The overall size and shape of the bandage 100 can vary depending on the application. For example, a bandage 100 for covering the area around the fingertip 108 of a typical adult can have an outside dimension in the range of 1.0 inch to 2.0 inches wide and with a length in the range of 2.0 inches to 4.0 inches. It can have a thickness of approximately 0.010 inch to 0.200 inch (although it could be thicker depending on the application). The shape of the bandage 100 can also vary depending on the application. The bandage 100 shown in FIGS. 1A to 1G can be preferable for many applications such as a bandage 100 for a fingertip 108. However, other embodiments could include the various other shapes well known in the art for fingertips and for other parts of the body.

The peripheral edge 122 of the splint 121 can lie within the peripheral edge 102 of the bandage 100. This can minimize the potential of exposure of an edge of the splint 121 during use of the bandage 100. This can also allow more of the exterior layer 120 to bond directly with the intermediate layer 119. For use with a bandage 100 for a fingertip 108, the splint 121 can have a width of approximately 0.10 inch to 1.9 inch and a length of approximately 1.4 inch to 3.65 inches. The splint could be formed into many shapes including the one shown in FIGS. 1A to 1G.

For many applications, it can be preferable to have the final assembly of the bandage 100 completed using a web converting process. Those layers not already bonded to each other in pre-assembly can be bonded to each other in final assembly. Adhesives are a common means of bonding layers of bandages 100 in a web converting process. The cutting of the bandage 100 can be done using a rotary die cutter.

If the splint 121 is cut and formed in a pre-assembly phase, the splint 121 can be placed during the web converting process using, for example, a pick-and-place machine. If the splint 121 is not cut during pre-assembly, it can, depending on its thickness, also be cut during final assembly.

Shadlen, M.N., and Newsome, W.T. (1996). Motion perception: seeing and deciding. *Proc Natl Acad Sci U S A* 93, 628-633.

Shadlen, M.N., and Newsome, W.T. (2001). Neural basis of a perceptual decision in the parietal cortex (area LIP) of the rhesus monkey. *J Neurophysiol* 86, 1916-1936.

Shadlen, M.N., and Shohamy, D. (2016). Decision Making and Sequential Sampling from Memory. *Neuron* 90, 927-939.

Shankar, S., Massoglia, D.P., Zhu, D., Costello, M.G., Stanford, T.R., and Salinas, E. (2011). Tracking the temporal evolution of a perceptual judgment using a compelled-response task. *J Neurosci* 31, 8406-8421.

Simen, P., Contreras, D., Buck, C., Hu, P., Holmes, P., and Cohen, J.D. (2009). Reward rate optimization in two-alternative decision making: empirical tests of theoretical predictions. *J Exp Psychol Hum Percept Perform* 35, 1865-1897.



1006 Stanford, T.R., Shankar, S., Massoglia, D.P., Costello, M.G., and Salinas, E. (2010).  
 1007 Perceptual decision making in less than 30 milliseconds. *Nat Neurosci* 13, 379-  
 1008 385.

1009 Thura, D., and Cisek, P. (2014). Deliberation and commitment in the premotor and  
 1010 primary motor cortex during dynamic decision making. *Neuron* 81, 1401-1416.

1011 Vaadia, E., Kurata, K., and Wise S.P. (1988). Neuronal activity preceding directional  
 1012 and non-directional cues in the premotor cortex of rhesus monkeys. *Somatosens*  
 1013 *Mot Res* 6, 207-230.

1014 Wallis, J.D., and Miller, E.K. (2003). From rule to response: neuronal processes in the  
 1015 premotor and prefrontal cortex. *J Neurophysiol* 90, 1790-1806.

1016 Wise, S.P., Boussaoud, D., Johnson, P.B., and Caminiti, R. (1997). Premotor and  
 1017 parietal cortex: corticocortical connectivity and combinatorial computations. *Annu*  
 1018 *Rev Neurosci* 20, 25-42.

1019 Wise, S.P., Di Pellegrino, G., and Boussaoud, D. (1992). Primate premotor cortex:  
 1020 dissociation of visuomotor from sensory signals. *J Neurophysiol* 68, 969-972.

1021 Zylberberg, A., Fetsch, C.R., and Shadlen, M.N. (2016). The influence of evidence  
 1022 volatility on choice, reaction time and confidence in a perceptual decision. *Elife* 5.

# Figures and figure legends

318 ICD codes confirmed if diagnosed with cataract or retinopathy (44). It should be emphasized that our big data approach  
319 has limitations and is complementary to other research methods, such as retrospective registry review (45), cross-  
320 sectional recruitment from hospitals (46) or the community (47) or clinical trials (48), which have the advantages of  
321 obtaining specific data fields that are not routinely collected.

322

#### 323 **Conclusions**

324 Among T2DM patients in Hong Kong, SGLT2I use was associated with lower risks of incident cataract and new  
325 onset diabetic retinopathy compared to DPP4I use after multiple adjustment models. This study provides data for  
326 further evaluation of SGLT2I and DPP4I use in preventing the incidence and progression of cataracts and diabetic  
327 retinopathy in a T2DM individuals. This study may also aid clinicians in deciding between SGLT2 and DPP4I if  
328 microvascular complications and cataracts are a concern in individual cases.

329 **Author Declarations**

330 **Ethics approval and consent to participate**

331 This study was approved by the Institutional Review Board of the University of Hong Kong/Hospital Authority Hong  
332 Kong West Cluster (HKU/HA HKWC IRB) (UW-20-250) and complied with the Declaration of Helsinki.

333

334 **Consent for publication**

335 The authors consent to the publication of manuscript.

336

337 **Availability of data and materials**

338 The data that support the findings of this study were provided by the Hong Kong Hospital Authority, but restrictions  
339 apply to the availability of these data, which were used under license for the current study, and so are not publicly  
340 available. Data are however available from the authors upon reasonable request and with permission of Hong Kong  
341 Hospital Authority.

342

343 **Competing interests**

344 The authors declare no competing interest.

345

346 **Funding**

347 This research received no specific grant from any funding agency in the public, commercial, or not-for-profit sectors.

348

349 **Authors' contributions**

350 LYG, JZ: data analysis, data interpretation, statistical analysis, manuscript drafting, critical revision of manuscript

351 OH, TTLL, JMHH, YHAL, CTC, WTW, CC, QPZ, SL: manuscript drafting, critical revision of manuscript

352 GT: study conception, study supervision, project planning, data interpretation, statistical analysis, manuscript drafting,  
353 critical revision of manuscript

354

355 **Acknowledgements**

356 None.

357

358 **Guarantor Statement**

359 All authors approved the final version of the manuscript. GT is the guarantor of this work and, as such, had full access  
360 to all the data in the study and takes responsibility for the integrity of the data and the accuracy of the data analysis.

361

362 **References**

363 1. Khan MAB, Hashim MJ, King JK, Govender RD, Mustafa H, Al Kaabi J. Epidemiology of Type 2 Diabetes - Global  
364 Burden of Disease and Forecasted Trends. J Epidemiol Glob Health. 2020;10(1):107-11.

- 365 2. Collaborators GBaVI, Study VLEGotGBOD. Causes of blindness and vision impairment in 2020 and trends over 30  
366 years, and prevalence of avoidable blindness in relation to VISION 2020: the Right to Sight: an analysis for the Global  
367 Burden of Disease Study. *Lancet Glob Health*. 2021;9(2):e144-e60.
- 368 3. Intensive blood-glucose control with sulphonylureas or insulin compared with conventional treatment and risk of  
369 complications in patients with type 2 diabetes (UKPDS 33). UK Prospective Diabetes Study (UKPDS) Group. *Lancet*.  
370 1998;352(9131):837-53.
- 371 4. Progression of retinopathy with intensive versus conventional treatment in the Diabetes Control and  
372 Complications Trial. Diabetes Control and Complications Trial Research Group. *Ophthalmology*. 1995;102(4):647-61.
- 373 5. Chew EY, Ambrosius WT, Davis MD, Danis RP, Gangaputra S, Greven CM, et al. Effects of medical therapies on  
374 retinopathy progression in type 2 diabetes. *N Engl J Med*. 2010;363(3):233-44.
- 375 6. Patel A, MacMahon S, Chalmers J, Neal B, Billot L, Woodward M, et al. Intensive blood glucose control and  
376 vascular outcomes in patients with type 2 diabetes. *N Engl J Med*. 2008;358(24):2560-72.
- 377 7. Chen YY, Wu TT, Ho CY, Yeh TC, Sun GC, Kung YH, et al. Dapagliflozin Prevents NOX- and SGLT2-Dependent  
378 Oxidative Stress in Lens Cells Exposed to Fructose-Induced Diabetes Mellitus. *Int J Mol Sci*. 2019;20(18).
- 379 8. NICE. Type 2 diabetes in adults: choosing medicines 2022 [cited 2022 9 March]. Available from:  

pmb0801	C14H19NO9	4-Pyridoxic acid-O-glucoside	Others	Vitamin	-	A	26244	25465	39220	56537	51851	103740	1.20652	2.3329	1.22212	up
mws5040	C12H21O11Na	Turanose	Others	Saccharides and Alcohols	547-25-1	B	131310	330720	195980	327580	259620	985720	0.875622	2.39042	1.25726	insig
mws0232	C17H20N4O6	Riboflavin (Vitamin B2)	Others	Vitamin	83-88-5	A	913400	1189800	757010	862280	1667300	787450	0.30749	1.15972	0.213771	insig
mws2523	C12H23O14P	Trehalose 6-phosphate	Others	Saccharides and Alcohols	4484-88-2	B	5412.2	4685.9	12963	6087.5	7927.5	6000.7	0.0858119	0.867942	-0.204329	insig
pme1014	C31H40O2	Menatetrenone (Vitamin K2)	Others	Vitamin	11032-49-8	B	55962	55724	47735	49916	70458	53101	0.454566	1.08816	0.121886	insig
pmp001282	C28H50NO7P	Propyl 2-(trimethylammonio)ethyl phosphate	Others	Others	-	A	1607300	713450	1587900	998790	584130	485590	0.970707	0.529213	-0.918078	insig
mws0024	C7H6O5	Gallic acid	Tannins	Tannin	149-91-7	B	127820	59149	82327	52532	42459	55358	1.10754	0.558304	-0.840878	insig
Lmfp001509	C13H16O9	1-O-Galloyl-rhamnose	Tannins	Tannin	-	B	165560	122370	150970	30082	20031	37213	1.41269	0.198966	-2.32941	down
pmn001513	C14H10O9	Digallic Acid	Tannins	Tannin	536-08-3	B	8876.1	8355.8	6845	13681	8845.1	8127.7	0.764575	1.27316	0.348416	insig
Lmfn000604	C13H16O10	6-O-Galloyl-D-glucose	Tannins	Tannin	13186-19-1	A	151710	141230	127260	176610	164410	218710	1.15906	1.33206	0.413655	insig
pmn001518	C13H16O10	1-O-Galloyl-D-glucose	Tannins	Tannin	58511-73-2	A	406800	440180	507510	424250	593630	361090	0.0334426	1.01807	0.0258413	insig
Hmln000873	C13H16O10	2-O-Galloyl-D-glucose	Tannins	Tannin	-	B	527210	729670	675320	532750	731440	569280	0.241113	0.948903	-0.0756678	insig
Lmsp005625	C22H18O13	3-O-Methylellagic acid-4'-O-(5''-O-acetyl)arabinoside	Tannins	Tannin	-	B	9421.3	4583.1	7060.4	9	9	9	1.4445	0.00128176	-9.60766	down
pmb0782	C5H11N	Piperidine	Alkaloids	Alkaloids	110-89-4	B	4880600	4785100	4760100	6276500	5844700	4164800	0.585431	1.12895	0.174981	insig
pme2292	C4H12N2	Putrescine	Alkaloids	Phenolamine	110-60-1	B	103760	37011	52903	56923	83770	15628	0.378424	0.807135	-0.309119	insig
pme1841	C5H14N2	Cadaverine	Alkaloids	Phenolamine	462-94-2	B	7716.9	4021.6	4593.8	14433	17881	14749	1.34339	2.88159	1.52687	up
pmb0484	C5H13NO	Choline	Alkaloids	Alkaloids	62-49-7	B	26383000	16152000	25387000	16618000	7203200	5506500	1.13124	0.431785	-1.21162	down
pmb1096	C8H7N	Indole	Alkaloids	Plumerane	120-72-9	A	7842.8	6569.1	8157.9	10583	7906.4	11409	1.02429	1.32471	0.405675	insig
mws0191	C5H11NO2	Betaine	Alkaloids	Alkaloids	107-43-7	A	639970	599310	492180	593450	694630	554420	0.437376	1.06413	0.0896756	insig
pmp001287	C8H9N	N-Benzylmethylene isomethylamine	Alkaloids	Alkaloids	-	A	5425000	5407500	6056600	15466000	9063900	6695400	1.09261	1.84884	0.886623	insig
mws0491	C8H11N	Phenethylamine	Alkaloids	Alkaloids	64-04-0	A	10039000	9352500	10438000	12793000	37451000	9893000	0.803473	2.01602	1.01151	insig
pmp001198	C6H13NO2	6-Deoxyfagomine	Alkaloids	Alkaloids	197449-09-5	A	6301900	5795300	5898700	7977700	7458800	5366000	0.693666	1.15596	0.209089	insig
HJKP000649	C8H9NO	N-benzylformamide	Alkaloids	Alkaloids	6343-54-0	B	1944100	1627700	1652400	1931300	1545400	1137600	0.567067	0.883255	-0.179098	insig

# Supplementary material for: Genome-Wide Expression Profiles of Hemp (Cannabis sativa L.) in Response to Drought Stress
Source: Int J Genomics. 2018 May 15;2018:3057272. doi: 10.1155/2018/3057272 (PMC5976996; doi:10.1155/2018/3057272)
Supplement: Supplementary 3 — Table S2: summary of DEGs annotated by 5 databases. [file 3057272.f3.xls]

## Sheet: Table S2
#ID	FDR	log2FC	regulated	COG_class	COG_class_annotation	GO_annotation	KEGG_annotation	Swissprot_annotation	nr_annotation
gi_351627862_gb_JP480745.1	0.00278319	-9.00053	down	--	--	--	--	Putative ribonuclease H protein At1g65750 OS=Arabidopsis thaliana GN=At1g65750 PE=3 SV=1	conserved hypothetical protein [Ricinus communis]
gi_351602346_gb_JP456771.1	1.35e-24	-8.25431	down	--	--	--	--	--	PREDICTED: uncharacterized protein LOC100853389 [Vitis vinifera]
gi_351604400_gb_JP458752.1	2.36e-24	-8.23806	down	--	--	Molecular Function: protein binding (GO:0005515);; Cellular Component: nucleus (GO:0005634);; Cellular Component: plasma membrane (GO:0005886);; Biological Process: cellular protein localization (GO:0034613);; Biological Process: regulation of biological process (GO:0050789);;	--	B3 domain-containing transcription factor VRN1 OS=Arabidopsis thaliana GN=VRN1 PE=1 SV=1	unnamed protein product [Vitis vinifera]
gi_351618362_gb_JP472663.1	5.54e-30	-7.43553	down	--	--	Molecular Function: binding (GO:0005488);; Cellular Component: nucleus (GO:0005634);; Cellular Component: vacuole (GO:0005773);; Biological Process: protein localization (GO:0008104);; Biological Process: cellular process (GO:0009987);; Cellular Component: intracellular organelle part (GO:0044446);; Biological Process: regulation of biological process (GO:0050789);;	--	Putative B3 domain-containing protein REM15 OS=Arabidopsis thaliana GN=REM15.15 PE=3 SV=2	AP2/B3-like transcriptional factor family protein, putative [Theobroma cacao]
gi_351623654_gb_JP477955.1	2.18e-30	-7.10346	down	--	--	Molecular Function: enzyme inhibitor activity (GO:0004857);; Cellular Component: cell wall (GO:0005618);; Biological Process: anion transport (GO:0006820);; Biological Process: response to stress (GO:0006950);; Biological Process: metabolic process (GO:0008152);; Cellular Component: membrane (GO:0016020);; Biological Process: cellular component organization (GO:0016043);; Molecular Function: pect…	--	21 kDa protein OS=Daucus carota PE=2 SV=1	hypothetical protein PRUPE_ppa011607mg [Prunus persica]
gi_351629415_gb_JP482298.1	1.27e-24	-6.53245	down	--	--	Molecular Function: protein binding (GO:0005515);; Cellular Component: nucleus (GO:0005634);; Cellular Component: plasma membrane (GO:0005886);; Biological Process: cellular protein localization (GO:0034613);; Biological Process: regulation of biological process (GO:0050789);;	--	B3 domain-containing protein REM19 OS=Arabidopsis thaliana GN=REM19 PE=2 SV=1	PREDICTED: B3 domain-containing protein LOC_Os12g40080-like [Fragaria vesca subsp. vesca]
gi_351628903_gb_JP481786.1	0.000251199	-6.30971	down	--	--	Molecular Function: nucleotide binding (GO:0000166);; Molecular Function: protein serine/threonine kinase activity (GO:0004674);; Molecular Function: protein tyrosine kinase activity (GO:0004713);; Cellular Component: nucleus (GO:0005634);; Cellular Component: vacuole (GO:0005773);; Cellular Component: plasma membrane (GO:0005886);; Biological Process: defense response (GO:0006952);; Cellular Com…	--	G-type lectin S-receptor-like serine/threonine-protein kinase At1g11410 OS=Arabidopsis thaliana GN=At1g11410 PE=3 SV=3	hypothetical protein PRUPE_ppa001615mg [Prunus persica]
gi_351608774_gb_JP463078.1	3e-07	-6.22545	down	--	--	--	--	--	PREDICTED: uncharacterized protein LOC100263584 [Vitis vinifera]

FIGS. 1D, 1E, and 1F show how the bandage 100 can be applied to the index finger 101a. First the release liner 111 can be removed from the tabs 110a to 110d and the tabs 110a and 110b can be applied to the finger 101a as shown in FIG. 1D. At this stage of application, the bandage 100 can remain relatively straight in a longitudinal direction because of the splint 121. This can be considered the first “partially applied” position 113 as shown in FIG. 1D. Next, the bandage 100 can be bent 112 around the distal end 108 of the finger 101a as shown in FIG. 1D. The bandage 100 can remain in this second “partially applied” position 114 because of the bendable material in the splint 121. Finally, tabs 110c and 110d can be affixed to the finger 101a to fully apply the bandage 100.

FIG. 1F shows the bandage 100 applied to a smaller finger 101b. Tabs 110c and 110d overlap tabs 110a and 110b because of the smaller sized finger 101b.

The bandage 100 as disclosed above can offer several advantages including the following. First, the splint 121 can provide additional protection to a portion of the body that a typical soft bandage could not. This can be especially important for injured fingers which can be very sensitive to contact. Second, the splint 121 can be used to help immobilize a joint or other part of the body in a certain position. For example, the splint 121 could help maintain a joint in a bent position for therapeutic purposes.

Third, the added structure provided by the splint 121 can ease application. In many instances, adhesive tabs on bandages in the prior art fold together and become stuck or are stuck unintentionally to other surfaces. Especially for clinicians with latex gloves, this can be a problem. Part of this is due to the lack of structural support in bandages presently on the market. The splint 121 can provide structural support to the bandage 100 and make application of the tabs 110a to 110d easier. Fourth, the lack of spring in the splint 121 can help facilitate application of the bandage 100. This can allow the bandage 100 to stay without external forces in the “partially applied” positions, 113 and 114, as shown in FIGS. 1D and 1E. This can make the positioning of the tabs 110a to 110d for final application much easier. Finally, the manufacturing process for a bandage 100 with such a splint 121 can produce consistent and high quality bandages 100 in a cost-effective and efficient manner. All or large portions of the construction of the bandage 100 could be done on press using a web converting process thereby saving costs.